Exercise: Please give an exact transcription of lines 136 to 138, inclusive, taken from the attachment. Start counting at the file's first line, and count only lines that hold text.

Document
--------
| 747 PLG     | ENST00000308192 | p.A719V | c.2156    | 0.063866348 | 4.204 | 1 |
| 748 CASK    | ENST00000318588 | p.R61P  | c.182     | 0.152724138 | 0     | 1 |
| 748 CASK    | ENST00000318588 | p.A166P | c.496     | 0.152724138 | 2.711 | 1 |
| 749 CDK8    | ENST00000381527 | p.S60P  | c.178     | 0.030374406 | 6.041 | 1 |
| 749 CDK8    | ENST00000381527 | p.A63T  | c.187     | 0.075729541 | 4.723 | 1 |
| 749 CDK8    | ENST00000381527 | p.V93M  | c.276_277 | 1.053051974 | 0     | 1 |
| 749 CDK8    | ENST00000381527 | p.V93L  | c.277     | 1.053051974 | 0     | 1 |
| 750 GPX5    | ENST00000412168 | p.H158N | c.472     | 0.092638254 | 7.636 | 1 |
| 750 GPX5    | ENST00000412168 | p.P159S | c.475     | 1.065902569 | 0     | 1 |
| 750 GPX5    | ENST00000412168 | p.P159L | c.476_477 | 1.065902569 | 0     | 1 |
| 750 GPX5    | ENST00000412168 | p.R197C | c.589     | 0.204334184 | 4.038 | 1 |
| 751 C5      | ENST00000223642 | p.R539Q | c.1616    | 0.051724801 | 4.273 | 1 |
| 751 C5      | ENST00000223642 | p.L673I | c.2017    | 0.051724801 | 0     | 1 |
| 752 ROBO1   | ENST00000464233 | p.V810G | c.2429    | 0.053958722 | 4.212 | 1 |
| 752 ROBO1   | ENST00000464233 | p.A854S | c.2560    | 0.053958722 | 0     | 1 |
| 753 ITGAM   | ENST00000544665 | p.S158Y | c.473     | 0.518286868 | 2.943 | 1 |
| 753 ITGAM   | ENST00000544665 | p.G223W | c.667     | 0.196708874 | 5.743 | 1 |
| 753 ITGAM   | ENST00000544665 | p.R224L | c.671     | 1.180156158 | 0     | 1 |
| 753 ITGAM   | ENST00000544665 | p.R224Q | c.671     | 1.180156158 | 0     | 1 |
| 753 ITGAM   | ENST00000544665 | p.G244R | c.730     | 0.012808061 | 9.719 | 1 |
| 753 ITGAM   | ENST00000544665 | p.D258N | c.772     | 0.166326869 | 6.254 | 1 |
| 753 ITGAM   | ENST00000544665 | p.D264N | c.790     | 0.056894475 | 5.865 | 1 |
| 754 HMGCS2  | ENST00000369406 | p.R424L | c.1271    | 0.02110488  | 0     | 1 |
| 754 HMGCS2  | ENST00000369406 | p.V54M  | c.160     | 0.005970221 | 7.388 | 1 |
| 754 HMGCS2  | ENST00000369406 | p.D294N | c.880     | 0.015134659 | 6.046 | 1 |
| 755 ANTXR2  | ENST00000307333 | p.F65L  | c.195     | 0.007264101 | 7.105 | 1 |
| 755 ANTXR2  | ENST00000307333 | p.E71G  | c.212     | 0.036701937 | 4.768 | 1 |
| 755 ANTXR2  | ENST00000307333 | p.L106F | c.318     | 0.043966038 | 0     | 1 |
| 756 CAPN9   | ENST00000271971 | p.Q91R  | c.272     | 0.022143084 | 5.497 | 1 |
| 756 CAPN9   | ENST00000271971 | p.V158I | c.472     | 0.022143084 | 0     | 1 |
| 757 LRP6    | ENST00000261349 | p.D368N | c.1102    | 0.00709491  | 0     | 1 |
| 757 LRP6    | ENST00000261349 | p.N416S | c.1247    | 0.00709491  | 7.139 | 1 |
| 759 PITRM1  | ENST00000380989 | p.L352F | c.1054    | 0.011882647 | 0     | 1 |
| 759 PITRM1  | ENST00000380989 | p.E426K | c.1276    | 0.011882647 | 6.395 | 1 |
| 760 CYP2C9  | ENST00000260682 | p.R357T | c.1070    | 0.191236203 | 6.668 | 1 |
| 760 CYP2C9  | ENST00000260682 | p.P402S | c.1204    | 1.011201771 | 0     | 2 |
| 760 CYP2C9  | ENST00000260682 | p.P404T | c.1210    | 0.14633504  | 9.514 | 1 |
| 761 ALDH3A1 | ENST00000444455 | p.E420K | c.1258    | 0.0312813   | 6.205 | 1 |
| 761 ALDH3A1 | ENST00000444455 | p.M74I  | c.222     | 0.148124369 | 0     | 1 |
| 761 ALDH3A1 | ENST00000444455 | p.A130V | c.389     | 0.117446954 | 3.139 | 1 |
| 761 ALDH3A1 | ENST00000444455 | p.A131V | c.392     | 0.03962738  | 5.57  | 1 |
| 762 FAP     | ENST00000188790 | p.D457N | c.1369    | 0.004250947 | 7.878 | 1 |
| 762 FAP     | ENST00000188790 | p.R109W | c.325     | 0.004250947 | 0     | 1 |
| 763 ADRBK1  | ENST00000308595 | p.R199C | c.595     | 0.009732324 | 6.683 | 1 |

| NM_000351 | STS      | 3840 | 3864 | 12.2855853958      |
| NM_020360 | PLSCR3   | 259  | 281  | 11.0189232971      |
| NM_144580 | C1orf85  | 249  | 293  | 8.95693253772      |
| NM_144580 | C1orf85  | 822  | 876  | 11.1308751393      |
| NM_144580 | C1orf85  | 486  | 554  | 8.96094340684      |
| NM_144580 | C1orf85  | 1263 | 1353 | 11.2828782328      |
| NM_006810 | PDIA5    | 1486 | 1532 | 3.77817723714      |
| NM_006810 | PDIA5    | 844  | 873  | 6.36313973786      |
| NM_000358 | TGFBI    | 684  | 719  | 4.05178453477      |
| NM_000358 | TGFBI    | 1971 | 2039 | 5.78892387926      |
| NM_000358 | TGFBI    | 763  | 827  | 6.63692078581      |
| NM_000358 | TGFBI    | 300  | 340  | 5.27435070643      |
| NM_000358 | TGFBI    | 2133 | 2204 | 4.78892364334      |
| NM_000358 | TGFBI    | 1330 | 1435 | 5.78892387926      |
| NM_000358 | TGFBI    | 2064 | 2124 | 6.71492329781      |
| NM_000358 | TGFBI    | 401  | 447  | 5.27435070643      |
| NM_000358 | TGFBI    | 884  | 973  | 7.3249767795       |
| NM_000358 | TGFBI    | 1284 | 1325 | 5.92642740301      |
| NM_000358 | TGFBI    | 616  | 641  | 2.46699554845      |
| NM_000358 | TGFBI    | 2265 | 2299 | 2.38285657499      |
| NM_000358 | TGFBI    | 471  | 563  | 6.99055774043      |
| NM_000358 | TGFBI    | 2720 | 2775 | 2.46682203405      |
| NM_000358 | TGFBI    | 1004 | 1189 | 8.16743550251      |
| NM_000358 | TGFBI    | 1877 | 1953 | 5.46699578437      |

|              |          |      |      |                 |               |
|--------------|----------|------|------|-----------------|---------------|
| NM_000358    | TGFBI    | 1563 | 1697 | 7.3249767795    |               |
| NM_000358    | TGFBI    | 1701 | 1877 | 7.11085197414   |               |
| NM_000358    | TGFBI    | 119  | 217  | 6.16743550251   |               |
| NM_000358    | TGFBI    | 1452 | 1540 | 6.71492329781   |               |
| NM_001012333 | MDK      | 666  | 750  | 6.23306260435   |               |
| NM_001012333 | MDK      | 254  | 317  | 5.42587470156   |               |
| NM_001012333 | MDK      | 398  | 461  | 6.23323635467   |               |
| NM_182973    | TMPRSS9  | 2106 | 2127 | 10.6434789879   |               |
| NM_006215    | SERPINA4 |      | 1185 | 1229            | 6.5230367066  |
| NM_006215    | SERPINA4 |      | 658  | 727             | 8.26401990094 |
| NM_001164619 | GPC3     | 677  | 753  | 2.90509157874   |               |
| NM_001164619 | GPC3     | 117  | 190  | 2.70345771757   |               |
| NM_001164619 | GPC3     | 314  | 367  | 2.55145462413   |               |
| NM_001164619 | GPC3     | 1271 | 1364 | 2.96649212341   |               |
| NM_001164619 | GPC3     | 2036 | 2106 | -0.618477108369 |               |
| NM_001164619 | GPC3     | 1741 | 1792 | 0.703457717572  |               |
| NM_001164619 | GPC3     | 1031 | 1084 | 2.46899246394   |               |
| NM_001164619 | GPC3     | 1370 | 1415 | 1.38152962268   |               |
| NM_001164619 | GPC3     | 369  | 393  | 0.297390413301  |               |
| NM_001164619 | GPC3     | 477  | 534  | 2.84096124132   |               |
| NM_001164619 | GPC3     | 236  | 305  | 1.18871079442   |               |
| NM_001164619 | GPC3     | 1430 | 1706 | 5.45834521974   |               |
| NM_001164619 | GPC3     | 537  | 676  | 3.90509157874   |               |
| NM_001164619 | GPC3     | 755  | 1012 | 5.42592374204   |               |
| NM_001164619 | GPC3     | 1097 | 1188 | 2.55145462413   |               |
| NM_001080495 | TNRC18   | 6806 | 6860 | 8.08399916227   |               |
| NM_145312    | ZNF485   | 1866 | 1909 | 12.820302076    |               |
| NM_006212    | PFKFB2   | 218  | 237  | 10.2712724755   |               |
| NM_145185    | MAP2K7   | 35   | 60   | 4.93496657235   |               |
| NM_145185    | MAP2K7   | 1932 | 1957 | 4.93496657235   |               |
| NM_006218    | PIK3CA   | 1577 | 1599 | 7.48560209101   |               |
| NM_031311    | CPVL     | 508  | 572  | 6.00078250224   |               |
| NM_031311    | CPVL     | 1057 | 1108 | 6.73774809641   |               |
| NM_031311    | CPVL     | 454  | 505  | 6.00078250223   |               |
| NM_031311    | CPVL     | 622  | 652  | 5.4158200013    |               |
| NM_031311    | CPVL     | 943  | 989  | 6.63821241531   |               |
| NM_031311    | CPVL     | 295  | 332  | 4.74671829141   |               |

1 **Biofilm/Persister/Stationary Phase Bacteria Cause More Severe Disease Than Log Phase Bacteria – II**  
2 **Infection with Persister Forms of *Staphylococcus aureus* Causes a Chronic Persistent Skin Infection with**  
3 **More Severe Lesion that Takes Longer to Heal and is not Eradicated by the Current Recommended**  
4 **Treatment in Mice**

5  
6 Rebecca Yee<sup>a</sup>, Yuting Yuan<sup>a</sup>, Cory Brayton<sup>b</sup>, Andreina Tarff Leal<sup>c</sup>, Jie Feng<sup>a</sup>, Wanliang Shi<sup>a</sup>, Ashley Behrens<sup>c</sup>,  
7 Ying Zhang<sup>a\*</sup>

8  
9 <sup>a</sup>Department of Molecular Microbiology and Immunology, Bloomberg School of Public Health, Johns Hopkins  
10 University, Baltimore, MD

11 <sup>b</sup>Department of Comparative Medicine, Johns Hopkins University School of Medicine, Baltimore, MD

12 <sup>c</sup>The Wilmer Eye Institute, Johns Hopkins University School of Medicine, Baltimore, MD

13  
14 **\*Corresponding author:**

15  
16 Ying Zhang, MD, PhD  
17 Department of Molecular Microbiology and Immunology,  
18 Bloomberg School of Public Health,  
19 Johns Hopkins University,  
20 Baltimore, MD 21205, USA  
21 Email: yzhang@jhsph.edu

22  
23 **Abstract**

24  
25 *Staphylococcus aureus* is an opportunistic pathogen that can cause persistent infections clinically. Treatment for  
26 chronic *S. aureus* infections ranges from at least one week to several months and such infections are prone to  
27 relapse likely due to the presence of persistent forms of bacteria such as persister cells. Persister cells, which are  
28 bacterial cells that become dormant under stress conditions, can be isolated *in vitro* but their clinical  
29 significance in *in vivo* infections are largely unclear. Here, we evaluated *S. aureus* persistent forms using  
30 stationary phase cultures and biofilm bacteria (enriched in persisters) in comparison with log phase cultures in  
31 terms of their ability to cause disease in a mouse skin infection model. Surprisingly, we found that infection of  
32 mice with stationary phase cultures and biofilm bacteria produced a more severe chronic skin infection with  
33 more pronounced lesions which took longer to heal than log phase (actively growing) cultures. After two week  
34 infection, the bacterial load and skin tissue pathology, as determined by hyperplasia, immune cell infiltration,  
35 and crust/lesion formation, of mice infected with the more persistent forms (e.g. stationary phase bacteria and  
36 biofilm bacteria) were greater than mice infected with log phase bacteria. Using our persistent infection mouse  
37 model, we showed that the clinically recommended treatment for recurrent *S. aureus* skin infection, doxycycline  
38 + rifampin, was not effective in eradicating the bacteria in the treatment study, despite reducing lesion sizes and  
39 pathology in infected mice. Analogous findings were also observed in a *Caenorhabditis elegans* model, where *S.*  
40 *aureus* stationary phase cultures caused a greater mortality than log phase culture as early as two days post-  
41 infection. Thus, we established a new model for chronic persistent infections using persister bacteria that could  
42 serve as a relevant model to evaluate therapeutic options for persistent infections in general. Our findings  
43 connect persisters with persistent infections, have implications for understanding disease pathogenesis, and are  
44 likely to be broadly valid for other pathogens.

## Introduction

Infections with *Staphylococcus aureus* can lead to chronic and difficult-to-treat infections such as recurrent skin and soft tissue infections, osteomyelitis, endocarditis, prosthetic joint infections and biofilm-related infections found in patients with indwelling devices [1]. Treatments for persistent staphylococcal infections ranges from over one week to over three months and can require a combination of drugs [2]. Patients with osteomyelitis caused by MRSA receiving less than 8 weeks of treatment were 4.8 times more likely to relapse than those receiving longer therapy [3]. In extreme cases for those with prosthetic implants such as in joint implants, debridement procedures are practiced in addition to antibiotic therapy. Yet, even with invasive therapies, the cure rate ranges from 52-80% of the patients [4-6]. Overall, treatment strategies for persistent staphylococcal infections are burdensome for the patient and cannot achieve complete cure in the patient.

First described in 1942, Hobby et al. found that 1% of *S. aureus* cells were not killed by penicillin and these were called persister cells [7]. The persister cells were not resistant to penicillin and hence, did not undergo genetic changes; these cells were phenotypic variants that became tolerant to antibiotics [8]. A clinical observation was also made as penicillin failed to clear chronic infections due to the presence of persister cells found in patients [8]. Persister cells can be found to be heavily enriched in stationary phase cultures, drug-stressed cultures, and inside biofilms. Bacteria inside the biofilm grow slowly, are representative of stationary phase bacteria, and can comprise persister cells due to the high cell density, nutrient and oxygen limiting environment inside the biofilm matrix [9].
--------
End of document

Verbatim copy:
29 significance in *in vivo* infections are largely unclear. Here, we evaluated *S. aureus* persistent forms using  
30 stationary phase cultures and biofilm bacteria (enriched in persisters) in comparison with log phase cultures in  
31 terms of their ability to cause disease in a mouse skin infection model. Surprisingly, we found that infection of  